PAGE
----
Skip to content

AFN directed to pave way for First Nations to discuss health legislation with Ottawa

“It’s our job and our duty to uphold the medicine chest clause. We are custodians of the medicine chest. All Indigenous peoples have medicines given to us as an inherent right. However, in Treaty 6 our ancestors requested that the medicine chest be included in the treaty, which the Crown agreed and we’re not consenting to any changes to the treaty.”
Indigenous-Alberta

Treaty 6 Grand Chief Greg Desjarlais refused to vote in favour of a resolution that called on the Assembly of First Nations to support the co-development of federal health legislation.

However, despite Desjarlais’s concerns that such legislation did not respect the medicine chest clause that was negotiated in Treaty 6 the resolution, amended to read First Nations Participation in the development of distinctions-based Health Legislation, passed on Dec. 9, the final day of AFN’s three-day virtual Special Chiefs Assembly.

The resolution was introduced on Dec. 7 and brought back to the floor two days later with amendments, which included dropping the word “Supporting” from the beginning of the title.

“It’s about jurisdiction. It’s about respect. It’s about upholding the treaty, even though we don’t all have treaty …. At this table we need to respect each other’s treaty,” said Desjarlais.

“It’s our job and our duty to uphold the medicine chest clause. We are custodians of the medicine chest. All Indigenous peoples have medicines given to us as an inherent right. However, in Treaty 6 our ancestors requested that the medicine chest be included in the treaty, which the Crown agreed and we’re not consenting to any changes to the treaty.”

The medicine chest clause is “understood as providing a guarantee of all health care services, delivery, medicines, and supplies as required by Indigenous peoples,” reads a submission by the Maskwacis Cree to the United Nations’ Expert Mechanism on the Rights of Indigenous Peoples in 2018. The famine and pestilence clause is “understood as providing a guarantee of appropriate and expedient support … in the face of famine or pestilences … such as chronic diseases, outbreaks, epidemics and other similar health matters.” Maskwacis Nations invoked the medicine chest clause when they declared a state of emergency during the COVID-19 pandemic in 2020.

While Treaty 6 is the only treaty to include these two clauses, the support outlined by these clauses pertain to all First Nations that are signatories to treaties.

Also opposing the resolution but for different reasons was Regena Crowchild, proxy for the Tsuut’ina Nation in Alberta. She said that in October, her chief and council passed a resolution stating that as AFN was not a rights holder, it did not have “the right or authority to speak, negotiate or enter into agreements” that impacted the inherent and treaty rights of the Tsuut’ina Nation.

“And that includes health. We have asserted jurisdiction over health, and chief and council are the only ones that can speak to the matter with the federal government,” said Crowchild.

Mohawk Council of Akwesasne Grand Chief Abram Benedict voiced his rejection of the co-development process with Ottawa. He said if the resolution were divided in two, he could back a resolution that supported health legislation for First Nation communities, but wouldn’t back a resolution that supported co-development of such legislation.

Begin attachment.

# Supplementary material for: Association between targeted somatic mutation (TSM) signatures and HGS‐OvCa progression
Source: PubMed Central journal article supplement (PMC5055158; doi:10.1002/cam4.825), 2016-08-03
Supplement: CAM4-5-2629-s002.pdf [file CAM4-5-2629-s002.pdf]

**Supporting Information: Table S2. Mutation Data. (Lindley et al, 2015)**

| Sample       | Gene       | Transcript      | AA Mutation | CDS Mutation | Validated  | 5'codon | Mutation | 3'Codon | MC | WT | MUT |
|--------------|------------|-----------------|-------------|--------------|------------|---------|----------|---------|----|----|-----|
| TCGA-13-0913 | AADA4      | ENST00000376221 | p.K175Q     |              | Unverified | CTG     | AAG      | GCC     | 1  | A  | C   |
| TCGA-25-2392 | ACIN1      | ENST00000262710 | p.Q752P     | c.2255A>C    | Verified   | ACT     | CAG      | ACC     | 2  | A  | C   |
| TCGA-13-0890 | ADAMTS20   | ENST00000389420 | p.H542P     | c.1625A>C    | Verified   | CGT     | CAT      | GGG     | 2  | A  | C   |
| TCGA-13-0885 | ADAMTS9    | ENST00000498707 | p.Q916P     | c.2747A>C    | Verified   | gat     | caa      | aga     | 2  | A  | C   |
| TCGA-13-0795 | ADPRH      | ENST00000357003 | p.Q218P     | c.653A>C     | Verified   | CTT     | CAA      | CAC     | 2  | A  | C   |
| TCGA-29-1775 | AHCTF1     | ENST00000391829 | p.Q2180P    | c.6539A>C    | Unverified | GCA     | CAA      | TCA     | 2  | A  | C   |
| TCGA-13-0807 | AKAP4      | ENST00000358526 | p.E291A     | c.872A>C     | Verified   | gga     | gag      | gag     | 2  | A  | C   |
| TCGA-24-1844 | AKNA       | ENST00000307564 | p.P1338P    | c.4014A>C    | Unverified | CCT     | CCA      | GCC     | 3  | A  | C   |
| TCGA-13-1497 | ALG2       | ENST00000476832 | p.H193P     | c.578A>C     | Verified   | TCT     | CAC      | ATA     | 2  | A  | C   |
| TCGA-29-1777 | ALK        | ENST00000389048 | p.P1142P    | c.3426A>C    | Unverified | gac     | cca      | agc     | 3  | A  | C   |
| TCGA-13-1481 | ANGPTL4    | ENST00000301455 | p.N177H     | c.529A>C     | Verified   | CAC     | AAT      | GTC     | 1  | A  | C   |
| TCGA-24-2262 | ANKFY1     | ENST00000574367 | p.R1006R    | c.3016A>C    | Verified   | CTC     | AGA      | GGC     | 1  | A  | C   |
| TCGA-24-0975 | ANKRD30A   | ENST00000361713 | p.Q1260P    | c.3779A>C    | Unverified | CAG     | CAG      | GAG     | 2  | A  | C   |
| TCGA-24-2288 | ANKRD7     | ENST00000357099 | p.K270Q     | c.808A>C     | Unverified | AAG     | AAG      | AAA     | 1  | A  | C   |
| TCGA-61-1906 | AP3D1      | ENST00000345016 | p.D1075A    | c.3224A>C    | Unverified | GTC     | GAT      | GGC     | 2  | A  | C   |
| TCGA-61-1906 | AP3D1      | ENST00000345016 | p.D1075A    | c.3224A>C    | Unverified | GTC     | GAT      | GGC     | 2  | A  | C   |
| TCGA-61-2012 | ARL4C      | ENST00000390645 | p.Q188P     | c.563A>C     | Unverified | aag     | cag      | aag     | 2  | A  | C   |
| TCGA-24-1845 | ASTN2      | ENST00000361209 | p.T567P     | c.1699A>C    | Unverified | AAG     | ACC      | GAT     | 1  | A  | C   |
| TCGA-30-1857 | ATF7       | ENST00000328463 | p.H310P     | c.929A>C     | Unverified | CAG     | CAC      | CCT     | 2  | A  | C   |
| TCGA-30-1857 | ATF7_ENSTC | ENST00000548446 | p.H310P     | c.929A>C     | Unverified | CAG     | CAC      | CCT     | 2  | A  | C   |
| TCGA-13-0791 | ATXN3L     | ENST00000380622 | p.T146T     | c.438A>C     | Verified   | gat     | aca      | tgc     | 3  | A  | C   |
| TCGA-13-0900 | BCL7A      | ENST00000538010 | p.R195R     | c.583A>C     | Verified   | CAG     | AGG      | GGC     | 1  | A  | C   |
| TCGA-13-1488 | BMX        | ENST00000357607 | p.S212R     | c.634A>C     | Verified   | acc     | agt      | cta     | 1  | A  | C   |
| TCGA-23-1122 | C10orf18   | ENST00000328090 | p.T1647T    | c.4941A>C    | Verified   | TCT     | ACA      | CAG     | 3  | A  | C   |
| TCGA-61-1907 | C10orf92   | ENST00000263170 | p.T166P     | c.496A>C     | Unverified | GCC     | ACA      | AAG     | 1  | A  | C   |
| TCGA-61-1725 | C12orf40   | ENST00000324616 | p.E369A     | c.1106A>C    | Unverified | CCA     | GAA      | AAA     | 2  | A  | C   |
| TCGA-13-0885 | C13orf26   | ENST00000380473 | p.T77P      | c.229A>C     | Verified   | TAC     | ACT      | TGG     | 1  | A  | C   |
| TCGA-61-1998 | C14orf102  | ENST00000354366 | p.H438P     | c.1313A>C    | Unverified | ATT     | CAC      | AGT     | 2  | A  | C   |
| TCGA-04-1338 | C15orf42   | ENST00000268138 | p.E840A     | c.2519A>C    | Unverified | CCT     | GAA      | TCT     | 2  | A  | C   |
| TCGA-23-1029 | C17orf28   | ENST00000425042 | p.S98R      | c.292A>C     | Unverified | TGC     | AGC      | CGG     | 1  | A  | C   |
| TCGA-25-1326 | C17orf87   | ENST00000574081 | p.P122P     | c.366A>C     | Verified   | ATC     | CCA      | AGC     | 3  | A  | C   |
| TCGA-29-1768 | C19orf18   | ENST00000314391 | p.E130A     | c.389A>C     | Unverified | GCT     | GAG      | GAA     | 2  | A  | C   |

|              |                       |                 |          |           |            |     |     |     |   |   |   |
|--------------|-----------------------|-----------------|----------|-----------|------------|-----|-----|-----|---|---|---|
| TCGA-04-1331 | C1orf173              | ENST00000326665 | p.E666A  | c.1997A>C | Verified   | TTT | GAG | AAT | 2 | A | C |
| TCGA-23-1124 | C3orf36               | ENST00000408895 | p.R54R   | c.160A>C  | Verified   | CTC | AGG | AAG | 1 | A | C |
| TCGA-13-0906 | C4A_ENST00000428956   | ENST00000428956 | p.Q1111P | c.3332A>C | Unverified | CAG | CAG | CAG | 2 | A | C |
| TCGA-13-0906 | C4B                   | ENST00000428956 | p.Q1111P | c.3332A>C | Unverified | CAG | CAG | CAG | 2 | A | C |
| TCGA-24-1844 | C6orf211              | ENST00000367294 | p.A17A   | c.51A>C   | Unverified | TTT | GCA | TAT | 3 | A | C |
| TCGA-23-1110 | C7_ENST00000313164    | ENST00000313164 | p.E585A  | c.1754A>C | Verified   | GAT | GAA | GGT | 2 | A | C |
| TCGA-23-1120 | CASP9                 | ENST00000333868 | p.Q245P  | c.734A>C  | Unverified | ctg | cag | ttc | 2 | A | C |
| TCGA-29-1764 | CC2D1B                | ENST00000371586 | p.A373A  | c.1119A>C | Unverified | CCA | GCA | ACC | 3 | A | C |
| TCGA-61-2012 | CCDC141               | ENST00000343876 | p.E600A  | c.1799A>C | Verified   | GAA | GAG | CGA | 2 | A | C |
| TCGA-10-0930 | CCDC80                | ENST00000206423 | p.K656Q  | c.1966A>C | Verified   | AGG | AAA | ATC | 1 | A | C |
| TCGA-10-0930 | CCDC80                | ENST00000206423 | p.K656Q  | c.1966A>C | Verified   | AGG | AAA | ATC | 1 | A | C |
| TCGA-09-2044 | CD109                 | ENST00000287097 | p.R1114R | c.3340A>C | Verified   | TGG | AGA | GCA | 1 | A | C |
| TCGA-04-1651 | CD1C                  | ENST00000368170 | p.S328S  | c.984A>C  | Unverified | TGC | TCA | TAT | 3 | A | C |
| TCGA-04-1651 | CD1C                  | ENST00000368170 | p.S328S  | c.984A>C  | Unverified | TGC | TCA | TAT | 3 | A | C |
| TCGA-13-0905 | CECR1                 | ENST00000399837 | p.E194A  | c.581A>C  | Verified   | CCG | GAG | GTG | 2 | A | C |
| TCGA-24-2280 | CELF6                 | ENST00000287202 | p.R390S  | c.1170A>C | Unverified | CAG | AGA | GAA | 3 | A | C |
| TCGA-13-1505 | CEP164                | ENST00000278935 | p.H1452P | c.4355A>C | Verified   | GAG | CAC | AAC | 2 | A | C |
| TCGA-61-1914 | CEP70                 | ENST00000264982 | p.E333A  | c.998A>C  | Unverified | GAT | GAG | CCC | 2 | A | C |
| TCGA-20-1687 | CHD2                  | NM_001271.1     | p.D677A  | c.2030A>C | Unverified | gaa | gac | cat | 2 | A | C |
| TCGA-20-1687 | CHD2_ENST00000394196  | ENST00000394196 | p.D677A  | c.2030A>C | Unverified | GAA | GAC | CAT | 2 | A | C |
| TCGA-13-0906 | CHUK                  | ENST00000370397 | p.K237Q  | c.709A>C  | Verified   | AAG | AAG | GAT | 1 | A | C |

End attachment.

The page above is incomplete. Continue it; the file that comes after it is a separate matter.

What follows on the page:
He said co-development was always a controversial topic at AFN assemblies.

Kupki7 Judy Wilson of Neskonlith Indian Band (British Columbia) expressed concerns about whether BC nations’ health agreement with Ottawa would be impacted.

Chief Dean Sayers of Batchewana First Nation (Ontario) expressed concern about how their present negotiations could be impacted by the resolution.

“We really have had some historic concerns as well with the paternalistic development of legislation by the Crown. We are on a path in our region here that will see us taking full charge of our health system and hoping that’s not too far off on the horizon. I’m not sure this will align with that,” said Sayers, who added he would not support the resolution.

Judith Sayers, proxy for Hupacasath First Nation (BC), said the resolution did not indicate that the AFN would have a voice in development of distinctions-based health legislation, but that the AFN would direct Canada to have “focused dialogue” with impacted First Nations.

“Now that the federal government has passed their UNDRIP Act, the changes to any health legislation would follow UNDRIP and recognition of our responsibilities to health,” said Judith Sayers. 

She pointed out that some First Nations could say they didn’t want changes, but wanted their treaty rights recognized, while others could say they “really need these changes.”

Eric Morris, chief of Teslin Tinglit Council, in the Yukon spoke in favour of the resolution.

“In some ways, when we look at what this resolution brings forward, it is one of those many avenues in which we can begin work in helping our communities that definitely need help, (that) are limited in terms of the resources that they have available to themselves to do the things they see need to be done, and I definitely think this is one of those areas,” he said.

The resolution also called upon the AFN to ensure Ottawa provided “fully and sustainable funding to allow for (individual First Nations) full, direct, and unfettered participation in all legislative co-development process and implementation.”